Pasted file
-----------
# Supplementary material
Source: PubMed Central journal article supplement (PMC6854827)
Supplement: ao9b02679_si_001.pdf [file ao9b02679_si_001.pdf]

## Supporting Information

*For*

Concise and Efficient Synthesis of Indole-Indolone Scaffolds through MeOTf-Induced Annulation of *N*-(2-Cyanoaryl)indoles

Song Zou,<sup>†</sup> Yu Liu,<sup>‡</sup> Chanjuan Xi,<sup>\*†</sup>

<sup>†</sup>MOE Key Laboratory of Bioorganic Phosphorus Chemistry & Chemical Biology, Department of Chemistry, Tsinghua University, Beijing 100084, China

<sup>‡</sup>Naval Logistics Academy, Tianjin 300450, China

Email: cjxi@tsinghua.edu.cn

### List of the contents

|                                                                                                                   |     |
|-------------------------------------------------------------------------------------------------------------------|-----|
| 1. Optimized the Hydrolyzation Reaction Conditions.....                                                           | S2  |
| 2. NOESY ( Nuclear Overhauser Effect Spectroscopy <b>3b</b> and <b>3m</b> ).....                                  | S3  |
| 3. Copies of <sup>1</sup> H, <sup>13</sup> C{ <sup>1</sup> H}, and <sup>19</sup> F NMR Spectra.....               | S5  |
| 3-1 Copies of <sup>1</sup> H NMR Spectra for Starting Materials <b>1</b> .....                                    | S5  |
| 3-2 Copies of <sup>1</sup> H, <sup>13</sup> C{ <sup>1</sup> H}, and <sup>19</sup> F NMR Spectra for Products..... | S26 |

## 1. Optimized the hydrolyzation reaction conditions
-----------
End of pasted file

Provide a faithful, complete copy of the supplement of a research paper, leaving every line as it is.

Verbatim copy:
# Supplementary material
Source: PubMed Central journal article supplement (PMC6854827)
Supplement: ao9b02679_si_001.pdf [file ao9b02679_si_001.pdf]

## Supporting Information

*For*

Concise and Efficient Synthesis of Indole-Indolone Scaffolds through MeOTf-Induced Annulation of *N*-(2-Cyanoaryl)indoles

Song Zou,<sup>†</sup> Yu Liu,<sup>‡</sup> Chanjuan Xi,<sup>\*†</sup>

<sup>†</sup>MOE Key Laboratory of Bioorganic Phosphorus Chemistry & Chemical Biology, Department of Chemistry, Tsinghua University, Beijing 100084, China

<sup>‡</sup>Naval Logistics Academy, Tianjin 300450, China

Email: cjxi@tsinghua.edu.cn

### List of the contents

|                                                                                                                   |     |
|-------------------------------------------------------------------------------------------------------------------|-----|
| 1. Optimized the Hydrolyzation Reaction Conditions.....                                                           | S2  |
| 2. NOESY ( Nuclear Overhauser Effect Spectroscopy <b>3b</b> and <b>3m</b> ).....                                  | S3  |
| 3. Copies of <sup>1</sup> H, <sup>13</sup> C{ <sup>1</sup> H}, and <sup>19</sup> F NMR Spectra.....               | S5  |
| 3-1 Copies of <sup>1</sup> H NMR Spectra for Starting Materials <b>1</b> .....                                    | S5  |
| 3-2 Copies of <sup>1</sup> H, <sup>13</sup> C{ <sup>1</sup> H}, and <sup>19</sup> F NMR Spectra for Products..... | S26 |

## 1. Optimized the hydrolyzation reaction conditions